Linear Tape File System now an International Standard

Share this post:

In 2011, IBM’s Linear Tape File System (LTFS) earned an Emmy Award in Engineering, after being recognized by FOX Networks for “improving the ability of media companies to capture, manage and exploit content in digital form, fundamentally changing the way that audio and video content is managed and stored.”

Now, the International Standardization Organization (ISO) has named LTFS an International Standard (ISO/IEC 20919:2016). The ISO brings together experts to share knowledge and develop international standards that support innovation and provide solutions to global challenges.

My team’s road to standardization was a long one – it took six years from the time the project was first announced – but we are thrilled with this recognition. Standardization by ISO is one more step towards guaranteeing that the LTFS format is a truly open standard that will continue to be available and usable for the foreseeable future.

In my opinion, two of the major inhibitors to the widespread use of tape technology for data storage have been the lack of a standard format for data storage and interchange on tape, and its perceived difficulty of use. LTFS addresses both of these problems by providing a general-purpose, open format that can easily be used like any other storage medium. As the world’s data continues to grow at an increasing pace, and the need for affordable, large-scale storage becomes more important, the standardization of LTFS will make the use of tape for long-term, affordable storage easier and more attractive.

L-R: Michael Richmond, Brian Biskeborn, David Pease, Arnon Amir, and Shinobu Fujihara. Notably absent are Ed Childers and Lucas Villa-Real

L-R: Michael Richmond, Brian Biskeborn, David Pease, Arnon Amir, and Shinobu Fujihara. (not pictured: Ed Childers and Lucas Villa-Real)

Use Case: Making digital media storage open and future-proof

Just as in personal photography, the last couple of decades have seen a major shift from analog and film technologies to digital ones in the Media and Entertainment industry, where modern cameras record directly to digital media. This has led to the need for new technologies to replace traditional film as a long-term storage medium for television and movies.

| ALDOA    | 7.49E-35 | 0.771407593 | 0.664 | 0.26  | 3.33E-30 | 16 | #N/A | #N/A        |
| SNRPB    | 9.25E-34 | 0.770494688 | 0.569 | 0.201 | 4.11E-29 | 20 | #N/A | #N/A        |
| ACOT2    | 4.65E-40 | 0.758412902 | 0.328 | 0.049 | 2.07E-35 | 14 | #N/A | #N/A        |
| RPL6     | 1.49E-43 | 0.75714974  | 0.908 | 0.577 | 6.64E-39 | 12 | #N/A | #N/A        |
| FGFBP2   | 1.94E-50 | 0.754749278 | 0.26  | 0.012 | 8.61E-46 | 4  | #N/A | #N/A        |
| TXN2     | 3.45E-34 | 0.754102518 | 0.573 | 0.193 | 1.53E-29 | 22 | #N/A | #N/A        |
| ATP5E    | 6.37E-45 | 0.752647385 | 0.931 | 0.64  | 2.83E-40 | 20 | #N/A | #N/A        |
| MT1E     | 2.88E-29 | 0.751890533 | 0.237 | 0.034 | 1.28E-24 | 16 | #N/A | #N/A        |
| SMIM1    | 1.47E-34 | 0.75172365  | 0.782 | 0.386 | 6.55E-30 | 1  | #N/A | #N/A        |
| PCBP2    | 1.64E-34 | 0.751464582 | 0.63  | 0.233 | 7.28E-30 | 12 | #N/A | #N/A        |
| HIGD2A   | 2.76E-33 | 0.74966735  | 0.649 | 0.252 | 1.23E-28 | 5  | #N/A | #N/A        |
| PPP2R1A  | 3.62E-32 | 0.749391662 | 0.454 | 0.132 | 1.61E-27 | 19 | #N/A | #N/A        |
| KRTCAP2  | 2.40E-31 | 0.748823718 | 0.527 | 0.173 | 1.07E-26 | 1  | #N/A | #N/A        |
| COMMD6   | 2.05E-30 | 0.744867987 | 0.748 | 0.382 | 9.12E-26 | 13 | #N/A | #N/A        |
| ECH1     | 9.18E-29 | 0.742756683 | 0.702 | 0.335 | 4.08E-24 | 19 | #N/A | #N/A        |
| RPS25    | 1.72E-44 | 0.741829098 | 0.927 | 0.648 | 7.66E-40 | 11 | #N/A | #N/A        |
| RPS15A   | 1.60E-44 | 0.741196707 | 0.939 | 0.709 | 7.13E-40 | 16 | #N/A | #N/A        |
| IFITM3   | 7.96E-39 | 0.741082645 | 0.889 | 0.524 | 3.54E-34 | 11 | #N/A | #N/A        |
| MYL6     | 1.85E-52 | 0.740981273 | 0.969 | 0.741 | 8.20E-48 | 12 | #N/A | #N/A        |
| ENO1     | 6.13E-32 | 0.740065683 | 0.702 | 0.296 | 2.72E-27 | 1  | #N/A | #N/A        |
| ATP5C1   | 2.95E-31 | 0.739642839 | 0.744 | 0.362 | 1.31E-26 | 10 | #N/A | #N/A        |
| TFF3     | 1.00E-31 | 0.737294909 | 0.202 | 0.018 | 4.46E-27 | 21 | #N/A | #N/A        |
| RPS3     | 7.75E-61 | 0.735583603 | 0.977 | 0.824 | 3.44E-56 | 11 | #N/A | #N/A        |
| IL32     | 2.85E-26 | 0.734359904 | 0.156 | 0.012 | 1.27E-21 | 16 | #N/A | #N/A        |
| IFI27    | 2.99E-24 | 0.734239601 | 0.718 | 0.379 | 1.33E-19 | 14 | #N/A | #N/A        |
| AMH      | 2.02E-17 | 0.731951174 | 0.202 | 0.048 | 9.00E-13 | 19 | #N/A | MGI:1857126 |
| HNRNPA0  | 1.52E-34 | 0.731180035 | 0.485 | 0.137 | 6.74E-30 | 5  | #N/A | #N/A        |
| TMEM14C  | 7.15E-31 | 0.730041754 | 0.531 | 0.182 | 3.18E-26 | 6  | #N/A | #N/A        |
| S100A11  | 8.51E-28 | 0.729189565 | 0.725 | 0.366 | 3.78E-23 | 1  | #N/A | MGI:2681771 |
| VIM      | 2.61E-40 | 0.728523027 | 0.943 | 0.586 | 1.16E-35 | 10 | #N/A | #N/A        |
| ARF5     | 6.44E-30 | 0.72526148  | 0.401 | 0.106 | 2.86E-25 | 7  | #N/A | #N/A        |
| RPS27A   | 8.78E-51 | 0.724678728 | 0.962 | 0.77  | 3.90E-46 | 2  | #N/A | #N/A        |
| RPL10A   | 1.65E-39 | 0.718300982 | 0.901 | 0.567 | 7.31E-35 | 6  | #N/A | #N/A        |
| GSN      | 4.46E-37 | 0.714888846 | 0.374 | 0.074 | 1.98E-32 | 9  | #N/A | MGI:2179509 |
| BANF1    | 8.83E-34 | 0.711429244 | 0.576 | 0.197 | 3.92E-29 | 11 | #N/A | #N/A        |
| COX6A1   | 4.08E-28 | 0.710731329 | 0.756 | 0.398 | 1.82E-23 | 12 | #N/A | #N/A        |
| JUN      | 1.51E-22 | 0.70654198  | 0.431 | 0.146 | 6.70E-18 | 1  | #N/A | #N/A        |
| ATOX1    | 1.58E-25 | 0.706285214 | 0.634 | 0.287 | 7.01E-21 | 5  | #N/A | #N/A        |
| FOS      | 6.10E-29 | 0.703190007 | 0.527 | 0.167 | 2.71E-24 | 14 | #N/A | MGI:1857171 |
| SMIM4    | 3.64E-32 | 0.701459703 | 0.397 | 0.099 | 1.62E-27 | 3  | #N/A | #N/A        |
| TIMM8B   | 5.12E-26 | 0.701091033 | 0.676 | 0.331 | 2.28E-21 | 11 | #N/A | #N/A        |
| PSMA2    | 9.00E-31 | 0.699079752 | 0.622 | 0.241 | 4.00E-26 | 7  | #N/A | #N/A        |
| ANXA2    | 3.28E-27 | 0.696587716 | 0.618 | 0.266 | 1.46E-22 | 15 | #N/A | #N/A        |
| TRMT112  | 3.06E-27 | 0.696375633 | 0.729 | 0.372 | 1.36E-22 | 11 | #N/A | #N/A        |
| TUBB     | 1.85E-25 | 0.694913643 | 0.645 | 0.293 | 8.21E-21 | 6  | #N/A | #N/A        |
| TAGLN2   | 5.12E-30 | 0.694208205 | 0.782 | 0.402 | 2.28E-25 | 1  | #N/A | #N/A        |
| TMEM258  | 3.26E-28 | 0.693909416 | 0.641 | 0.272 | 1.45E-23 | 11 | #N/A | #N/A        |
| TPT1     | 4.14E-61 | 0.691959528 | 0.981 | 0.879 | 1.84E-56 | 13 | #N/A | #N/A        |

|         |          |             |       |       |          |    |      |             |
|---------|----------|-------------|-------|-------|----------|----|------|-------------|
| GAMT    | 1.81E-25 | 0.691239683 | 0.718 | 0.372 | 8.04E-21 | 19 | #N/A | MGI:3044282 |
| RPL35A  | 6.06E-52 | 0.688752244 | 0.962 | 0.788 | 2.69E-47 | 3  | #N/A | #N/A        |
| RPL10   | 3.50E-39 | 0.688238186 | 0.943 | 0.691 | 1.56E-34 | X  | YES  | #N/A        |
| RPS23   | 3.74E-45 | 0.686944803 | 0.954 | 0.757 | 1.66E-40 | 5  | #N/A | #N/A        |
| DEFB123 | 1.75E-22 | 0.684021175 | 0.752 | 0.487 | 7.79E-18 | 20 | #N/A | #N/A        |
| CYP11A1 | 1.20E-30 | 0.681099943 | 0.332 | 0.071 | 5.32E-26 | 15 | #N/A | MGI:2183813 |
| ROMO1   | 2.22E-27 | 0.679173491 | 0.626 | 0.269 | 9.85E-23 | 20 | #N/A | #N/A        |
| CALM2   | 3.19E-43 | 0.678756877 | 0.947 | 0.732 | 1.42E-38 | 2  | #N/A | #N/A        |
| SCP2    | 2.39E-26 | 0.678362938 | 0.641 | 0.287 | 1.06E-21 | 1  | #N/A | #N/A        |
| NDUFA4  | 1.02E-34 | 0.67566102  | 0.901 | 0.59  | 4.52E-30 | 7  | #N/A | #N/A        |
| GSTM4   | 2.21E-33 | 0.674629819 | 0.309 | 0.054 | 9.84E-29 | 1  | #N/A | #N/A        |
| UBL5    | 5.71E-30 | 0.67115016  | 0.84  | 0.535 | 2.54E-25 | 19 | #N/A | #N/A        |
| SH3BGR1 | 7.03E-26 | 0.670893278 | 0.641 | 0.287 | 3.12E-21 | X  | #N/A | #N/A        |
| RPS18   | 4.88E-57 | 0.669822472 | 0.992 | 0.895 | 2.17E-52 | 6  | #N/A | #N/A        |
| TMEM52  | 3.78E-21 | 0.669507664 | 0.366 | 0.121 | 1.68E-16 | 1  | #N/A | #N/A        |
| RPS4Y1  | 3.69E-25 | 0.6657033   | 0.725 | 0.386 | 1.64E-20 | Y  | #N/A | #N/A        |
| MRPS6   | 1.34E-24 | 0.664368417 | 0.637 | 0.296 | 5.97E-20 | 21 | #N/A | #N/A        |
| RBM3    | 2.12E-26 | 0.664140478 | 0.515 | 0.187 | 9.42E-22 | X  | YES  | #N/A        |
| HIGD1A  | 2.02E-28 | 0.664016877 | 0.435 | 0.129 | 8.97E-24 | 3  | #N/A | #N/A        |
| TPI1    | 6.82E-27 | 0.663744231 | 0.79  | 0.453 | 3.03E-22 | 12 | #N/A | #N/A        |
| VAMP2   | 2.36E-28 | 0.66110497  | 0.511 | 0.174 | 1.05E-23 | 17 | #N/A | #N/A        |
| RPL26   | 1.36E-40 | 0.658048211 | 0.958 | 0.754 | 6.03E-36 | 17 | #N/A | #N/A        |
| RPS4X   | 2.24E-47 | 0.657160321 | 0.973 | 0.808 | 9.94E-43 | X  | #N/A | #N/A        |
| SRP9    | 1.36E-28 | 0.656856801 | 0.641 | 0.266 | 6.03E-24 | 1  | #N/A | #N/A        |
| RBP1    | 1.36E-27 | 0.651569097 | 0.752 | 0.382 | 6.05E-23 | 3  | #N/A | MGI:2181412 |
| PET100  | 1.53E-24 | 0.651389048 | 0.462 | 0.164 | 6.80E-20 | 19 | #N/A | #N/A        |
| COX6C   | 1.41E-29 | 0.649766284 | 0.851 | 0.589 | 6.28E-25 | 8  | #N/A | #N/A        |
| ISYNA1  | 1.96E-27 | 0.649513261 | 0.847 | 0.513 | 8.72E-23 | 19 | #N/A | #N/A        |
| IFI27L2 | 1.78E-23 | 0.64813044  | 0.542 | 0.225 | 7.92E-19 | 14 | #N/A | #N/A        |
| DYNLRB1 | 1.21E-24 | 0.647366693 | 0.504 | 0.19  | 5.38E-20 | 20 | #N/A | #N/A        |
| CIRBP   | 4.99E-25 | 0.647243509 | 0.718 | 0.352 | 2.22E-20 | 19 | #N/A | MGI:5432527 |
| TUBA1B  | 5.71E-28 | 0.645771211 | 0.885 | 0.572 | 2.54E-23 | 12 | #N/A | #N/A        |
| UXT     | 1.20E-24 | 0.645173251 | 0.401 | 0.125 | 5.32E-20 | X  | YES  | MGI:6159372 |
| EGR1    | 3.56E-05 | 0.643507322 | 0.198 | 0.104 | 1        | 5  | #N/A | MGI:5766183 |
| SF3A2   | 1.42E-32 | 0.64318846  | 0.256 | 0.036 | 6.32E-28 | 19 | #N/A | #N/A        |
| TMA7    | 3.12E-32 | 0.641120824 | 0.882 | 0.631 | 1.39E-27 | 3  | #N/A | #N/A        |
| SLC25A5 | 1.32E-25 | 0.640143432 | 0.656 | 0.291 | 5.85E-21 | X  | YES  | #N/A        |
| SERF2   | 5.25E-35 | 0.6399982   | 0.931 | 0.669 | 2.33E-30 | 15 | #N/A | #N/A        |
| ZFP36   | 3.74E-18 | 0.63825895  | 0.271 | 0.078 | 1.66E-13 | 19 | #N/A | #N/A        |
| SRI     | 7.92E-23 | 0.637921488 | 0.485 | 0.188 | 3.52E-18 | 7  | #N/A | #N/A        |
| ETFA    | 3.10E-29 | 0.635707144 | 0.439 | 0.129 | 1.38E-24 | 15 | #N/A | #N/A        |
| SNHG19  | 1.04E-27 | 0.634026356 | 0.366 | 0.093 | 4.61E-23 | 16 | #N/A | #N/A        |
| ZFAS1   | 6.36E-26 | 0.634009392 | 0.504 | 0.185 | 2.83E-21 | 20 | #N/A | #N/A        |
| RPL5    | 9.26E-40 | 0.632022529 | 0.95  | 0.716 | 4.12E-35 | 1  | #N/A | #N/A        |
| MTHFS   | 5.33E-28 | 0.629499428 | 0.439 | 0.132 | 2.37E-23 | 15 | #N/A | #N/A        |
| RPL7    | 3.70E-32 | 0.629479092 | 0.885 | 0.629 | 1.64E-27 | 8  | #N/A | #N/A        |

Film has some specific advantages for the Media & Entertainment industry that a new technology needs to replicate, including long shelf life, inexpensive, and zero-power storage, and a format that is “future-proof.” Tape storage is a perfect match to several of these criteria, including long (30+ years) shelf life, and zero-power, inexpensive storage. However, a stumbling block for the wide-spread acceptance of tape for digital storage in the media and entertainment business had been the lack of an open, easy-to-use, future-proof standard for the format of the data on tape. You can imagine an entertainment company using proprietary storage software, for example, only to run into problems like the provider going out of business or increasing its software costs to an unacceptable level.

We created LTFS to be an open and future-proof format from the beginning: open, because when we published the format, we made it publicly available at no charge, and future-proof because the format is self-documenting and can be easily accessed without the need for proprietary software.

Being an international standard should make anyone who is considering the use of LTFS even more comfortable with the fact that it is an open standard that is not owned or controlled by any single company, and is a format that will continue to be supported in the future.  As such, becoming an international standard has the potential to increase the use, and therefore the value, of LTFS across industries.

More Storage stories

Using iter8 and Kiali to evolve your cloud applications while gaining insights into their behavior

IBM Research has partnered with Red Hat to bring iter8 into Kiali. Iter8 lets developers automate the progressive rollout of new microservice versions. From Kiali, developers can launch these rollouts interactively, watch their progress while iter8 shifts user traffic to the best microservice version, gain real-time insights into how competing versions (two or more) perform, and uncover trends on service metrics across versions.

Continue reading

The Open Science Prize: Solve for SWAP gates and graph states

We're excited to announce the IBM Quantum Awards: Open Science Prize, an award totaling $100,000 for any person or team who can devise an open source solution to two important challenges at the forefront of quantum computing based on superconducting qubits: reducing gate errors, and measuring graph state fidelity.

Continue reading

Unlocking the Potential of Today’s Noisy Quantum Computers for OLED Applications

Scientists at Mitsubishi Chemical, a member of the IBM Quantum Hub at Keio University in Japan, reached out to our team about experimenting with new approaches to error mitigation and novel quantum algorithms to address these very challenges. In the new arXiv preprint, “Applications of Quantum Computing for Investigations of Electronic Transitions in Phenylsulfonyl-carbazole TADF Emitters,” we – along with collaborators at Keio University and JSR - describe quantum computations of the “excited states,” or high energy states, of industrial chemical compounds that could potentially be used in the fabrication of efficient organic light emitting diode (OLED) devices.

Continue reading